Statistics show slow progress towards universal literacy, and more literate women than ever beforeParis - Almost 80 percent of the world's population aged 15 years and over is now literate, including more women than ever before, according to new figures from UNESCO released to mark this year's International Literacy Day (September 8).
The new estimates and projections*, collated by the UNESCO Institute for Statistics, show a steady fall in the number of illiterate adults from 22.4 percent of the world's population in 1995 to 20.3 percent in 2000. This means that the number of illiterate adults fell from an estimated 872 million in 1995 to 862 million in 2000. On current trends, the Institute estimates this should drop to 824 million, or 16.5 percent, by 2010.
Best performances came from Africa and Asia, which, despite some disparity between countries in these regions, saw the overall percentage of their illiterate populations shrink by 5.4 and 2.8 percentage points respectively.
Encouragingly, the figures also show that although women still make up two thirds of the world's adult illiterates, in all regions they are gaining access to education and literacy, and at a faster rate than men. The Institute reports that the proportion of illiterate women aged 15 and over fell from 28.5 percent to 25.8 percent.
This trend was most evident in Africa, where the percentage of illiterate women over the age of 15 fell by 6.4 percentage points to 49.2 percent. This means that for the first time, the majority of women in this part of the world are now literate. Progress was also made in South and West Asia, and the Arab States and North Africa where the percentages of illiterate women are now 56.4 and 52.2 percent respectively.
While these latest figures clearly show an increasingly literate world, they also show that progress is excruciatingly slow: one adult in five remains illiterate and meeting the goal set by the World Education Forum (Dakar, April 2000) to halve adult illiteracy by 2015 will clearly be an uphill battle: the estimates that unless an extraordinary effort is made, the percentage of illiterate adults will fall by only another five percenage points by that date.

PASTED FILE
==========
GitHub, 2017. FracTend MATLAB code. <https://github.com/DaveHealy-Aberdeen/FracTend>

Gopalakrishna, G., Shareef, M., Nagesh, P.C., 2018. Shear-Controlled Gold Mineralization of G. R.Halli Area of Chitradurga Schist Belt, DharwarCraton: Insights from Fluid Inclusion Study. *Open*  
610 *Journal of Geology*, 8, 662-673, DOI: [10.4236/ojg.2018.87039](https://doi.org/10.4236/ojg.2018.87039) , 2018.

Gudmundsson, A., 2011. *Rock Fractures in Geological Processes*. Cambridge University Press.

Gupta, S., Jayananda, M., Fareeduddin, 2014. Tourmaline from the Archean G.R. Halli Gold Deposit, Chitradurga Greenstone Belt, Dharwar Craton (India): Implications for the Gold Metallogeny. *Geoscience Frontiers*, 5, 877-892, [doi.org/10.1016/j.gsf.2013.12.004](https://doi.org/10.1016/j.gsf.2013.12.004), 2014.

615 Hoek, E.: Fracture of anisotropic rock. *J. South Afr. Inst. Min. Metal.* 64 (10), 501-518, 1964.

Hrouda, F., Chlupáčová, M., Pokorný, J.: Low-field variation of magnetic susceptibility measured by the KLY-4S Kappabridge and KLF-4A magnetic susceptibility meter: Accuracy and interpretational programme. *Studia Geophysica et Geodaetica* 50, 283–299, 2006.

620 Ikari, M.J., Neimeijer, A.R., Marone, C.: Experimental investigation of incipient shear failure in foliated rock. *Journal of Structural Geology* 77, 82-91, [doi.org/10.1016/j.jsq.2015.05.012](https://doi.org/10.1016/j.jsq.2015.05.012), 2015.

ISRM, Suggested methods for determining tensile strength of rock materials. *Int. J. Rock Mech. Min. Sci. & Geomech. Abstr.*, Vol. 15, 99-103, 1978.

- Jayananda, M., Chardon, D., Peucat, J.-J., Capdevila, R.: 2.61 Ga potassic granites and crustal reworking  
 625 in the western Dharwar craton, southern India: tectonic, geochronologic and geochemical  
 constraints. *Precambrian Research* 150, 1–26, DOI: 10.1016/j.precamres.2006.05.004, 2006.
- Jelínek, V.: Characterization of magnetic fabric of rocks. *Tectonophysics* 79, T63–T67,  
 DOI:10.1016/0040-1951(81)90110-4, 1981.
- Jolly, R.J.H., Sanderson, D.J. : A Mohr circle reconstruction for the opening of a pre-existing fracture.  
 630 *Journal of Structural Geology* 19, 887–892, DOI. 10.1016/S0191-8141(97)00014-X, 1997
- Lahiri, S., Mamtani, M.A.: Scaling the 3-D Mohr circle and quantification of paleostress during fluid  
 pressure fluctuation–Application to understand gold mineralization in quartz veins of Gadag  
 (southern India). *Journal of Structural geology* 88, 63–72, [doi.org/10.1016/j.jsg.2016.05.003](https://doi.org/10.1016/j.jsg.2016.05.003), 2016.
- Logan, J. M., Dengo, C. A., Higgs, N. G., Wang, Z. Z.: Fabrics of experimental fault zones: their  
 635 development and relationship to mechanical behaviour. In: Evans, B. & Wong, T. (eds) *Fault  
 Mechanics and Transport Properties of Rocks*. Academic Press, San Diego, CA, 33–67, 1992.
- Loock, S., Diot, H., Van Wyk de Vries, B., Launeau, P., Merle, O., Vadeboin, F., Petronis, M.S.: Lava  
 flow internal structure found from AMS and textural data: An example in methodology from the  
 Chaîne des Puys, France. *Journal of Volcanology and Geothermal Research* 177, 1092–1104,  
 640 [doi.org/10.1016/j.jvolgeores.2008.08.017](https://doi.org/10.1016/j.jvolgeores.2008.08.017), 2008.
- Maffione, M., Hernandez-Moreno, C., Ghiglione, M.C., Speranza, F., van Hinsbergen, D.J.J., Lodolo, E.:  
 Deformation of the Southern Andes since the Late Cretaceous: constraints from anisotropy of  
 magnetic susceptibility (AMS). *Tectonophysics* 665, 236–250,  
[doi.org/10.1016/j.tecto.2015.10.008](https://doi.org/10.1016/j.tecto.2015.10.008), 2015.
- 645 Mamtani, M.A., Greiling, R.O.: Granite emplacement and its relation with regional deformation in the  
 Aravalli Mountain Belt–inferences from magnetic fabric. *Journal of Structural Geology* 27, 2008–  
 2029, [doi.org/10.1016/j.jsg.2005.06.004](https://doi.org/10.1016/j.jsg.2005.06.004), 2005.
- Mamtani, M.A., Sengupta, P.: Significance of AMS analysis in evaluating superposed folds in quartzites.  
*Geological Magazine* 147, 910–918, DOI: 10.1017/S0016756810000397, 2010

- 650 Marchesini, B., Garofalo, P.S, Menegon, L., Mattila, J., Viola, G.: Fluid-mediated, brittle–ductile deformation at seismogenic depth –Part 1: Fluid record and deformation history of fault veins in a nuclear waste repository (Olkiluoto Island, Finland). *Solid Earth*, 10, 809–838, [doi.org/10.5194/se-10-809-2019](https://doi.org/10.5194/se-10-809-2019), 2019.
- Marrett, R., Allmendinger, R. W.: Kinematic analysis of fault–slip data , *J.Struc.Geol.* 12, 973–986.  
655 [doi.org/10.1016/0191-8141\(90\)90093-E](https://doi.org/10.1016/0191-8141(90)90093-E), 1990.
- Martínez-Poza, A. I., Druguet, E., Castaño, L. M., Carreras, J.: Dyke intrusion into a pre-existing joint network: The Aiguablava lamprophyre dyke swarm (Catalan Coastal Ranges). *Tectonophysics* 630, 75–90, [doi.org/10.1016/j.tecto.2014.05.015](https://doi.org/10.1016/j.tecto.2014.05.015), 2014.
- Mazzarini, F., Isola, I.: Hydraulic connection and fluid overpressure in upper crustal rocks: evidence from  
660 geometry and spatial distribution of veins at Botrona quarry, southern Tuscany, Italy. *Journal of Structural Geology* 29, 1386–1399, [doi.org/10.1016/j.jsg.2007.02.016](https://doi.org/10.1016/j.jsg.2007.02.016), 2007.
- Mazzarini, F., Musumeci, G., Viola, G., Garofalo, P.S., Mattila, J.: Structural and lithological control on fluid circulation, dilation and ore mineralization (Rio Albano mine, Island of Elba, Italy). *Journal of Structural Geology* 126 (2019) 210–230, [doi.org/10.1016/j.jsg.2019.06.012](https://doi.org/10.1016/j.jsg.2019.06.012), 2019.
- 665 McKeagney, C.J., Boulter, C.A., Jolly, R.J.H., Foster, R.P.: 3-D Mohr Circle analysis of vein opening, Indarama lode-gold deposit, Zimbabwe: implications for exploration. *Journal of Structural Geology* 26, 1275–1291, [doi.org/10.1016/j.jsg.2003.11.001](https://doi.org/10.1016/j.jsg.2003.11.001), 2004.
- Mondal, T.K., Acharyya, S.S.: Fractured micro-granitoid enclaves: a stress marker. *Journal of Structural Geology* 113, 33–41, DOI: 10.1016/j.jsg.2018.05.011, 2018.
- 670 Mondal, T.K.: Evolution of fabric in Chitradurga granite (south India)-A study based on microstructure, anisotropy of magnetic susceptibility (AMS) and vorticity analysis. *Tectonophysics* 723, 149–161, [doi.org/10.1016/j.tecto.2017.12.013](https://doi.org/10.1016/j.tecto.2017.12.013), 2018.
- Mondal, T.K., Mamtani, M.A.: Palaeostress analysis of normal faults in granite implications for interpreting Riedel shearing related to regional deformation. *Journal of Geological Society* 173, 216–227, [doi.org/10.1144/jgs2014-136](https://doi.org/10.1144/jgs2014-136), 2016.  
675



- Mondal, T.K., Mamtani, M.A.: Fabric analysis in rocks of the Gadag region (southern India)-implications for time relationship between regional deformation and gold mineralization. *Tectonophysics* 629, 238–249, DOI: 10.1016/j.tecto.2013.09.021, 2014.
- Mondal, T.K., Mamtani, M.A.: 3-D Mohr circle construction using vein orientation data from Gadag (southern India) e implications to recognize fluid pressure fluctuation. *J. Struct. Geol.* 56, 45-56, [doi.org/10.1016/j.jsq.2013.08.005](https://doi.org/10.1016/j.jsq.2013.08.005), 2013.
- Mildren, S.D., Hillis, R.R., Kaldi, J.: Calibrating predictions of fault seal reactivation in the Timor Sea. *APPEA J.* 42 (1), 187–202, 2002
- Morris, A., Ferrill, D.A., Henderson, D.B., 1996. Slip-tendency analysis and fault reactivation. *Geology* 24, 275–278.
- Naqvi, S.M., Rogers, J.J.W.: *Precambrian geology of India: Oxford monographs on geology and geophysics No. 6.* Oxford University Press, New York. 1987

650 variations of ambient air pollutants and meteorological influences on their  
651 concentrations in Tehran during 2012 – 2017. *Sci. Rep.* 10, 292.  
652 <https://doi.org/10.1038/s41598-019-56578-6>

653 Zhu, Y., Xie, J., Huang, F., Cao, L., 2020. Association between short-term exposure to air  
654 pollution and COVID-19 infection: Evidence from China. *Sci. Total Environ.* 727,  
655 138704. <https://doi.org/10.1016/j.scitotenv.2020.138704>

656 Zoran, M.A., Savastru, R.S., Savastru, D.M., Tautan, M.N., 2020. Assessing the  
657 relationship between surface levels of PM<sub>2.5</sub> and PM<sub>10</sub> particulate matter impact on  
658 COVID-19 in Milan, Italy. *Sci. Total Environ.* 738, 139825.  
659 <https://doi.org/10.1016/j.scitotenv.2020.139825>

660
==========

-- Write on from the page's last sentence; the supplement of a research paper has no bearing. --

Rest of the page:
According to the data only about 26 developing countries stand a good chance of reaching the Dakar goal, including China, Indonesia, Jordan, Kenya, Oman, United Republic of Tanzania and Zimbabwe. Another 39 countries are on track to improve their literacy rates by 40 to 50 percent, among them Algeria, Bahrain, Bolivia, Chile, Ecuador, Namibia, Turkey, and Zambia. And a further 28 states, including Brazil, El Salvador, Lao PDR, Togo and Uganda could possibly improve their literacy rates by between 30 and 40 percent.
However, there are still more than 25 countries that, by 2015, are unlikely to achieve any more than a 30 percent improvement over their 2000 literacy rates. On this list are: Bangladesh, Benin, Burkina Faso, Cambodia, Comoros, Côte d'Ivoire, Dominican Republic, Egypt, Eritrea, Ethiopia, Gambia, Guatemala, Haiti, India, Iraq, Malawi, Mali, Mauritania, Morocco, Myanmar, Nepal, Nicaragua, Niger, Pakistan, Papua New Guinea, Senegal, United Arab Emirates. Without major additional efforts to fight illiteracy, these countries will account for 92 percent of the world's illiterate population in 2015.
Despite the difficulties, " we must do more and better " insists UNESCO Director-General Koïchiro Matsuura. " It is intolerable that around one in five of the world's adults are illiterate," says Mr Matsuura in his message for International Literacy Day. "How can we build equitable information societies or thriving democracies if so many remain without the basic tools of literacy? How can intercultural dialogue and mutual understanding prosper when the literacy divide is so great? And how can poverty be eradicated when the roots of ignorance are left undisturbed?"
* The literacy estimates and projections from UNESCO's Institute for Statistics are essentially based on data collected during national population censuses and household surveys. They provide basic information on the number and percentage of adults (15 years and older) and youth (aged 15 to 24) who are literate and illiterate. The different cultural and social contexts in the countries surveyed, along with varying definitions and standards of literacy, and different methods and frequency of collecting data mean that there is a real difficulty in international comparability and that many gaps remain in these statistics, which nonetheless provide a clear picture of the scope of the world's illiteracy problem.
Contacts: Sue Williams
Bureau of Public Information, Editorial Section
Tel: (+33) (0) 1 45 68 17 06
UNESCO Institute for Statistics
Tel: (+33) (0) 1 45 68 20 04